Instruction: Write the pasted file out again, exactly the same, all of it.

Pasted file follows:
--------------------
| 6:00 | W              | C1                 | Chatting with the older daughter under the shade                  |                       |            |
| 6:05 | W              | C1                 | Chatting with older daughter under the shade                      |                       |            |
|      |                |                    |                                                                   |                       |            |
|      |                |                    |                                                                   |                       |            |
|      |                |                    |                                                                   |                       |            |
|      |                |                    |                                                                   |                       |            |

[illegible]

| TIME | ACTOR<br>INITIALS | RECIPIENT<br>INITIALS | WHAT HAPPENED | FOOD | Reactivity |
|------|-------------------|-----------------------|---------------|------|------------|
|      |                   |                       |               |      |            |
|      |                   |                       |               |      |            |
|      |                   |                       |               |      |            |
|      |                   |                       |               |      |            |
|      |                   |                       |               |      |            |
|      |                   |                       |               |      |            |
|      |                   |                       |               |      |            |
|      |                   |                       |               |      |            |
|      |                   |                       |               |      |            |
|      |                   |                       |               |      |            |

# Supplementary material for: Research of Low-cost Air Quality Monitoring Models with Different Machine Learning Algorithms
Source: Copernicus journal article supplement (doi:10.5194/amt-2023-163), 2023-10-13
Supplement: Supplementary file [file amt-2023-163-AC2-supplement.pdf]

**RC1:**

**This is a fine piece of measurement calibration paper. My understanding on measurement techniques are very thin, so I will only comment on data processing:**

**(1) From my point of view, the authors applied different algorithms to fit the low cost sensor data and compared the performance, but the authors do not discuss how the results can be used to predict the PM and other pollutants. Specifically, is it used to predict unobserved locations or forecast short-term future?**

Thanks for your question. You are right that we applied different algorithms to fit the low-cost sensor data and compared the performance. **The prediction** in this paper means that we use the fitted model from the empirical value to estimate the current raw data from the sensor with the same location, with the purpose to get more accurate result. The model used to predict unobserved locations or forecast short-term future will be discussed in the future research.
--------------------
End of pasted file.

| 6:00 | W              | C1                 | Chatting with the older daughter under the shade                  |                       |            |
| 6:05 | W              | C1                 | Chatting with older daughter under the shade                      |                       |            |
|      |                |                    |                                                                   |                       |            |
|      |                |                    |                                                                   |                       |            |
|      |                |                    |                                                                   |                       |            |
|      |                |                    |                                                                   |                       |            |

[illegible]

| TIME | ACTOR<br>INITIALS | RECIPIENT<br>INITIALS | WHAT HAPPENED | FOOD | Reactivity |
|------|-------------------|-----------------------|---------------|------|------------|
|      |                   |                       |               |      |            |
|      |                   |                       |               |      |            |
|      |                   |                       |               |      |            |
|      |                   |                       |               |      |            |
|      |                   |                       |               |      |            |
|      |                   |                       |               |      |            |
|      |                   |                       |               |      |            |
|      |                   |                       |               |      |            |
|      |                   |                       |               |      |            |
|      |                   |                       |               |      |            |

# Supplementary material for: Research of Low-cost Air Quality Monitoring Models with Different Machine Learning Algorithms
Source: Copernicus journal article supplement (doi:10.5194/amt-2023-163), 2023-10-13
Supplement: Supplementary file [file amt-2023-163-AC2-supplement.pdf]

**RC1:**

**This is a fine piece of measurement calibration paper. My understanding on measurement techniques are very thin, so I will only comment on data processing:**

**(1) From my point of view, the authors applied different algorithms to fit the low cost sensor data and compared the performance, but the authors do not discuss how the results can be used to predict the PM and other pollutants. Specifically, is it used to predict unobserved locations or forecast short-term future?**

Thanks for your question. You are right that we applied different algorithms to fit the low-cost sensor data and compared the performance. **The prediction** in this paper means that we use the fitted model from the empirical value to estimate the current raw data from the sensor with the same location, with the purpose to get more accurate result. The model used to predict unobserved locations or forecast short-term future will be discussed in the future research.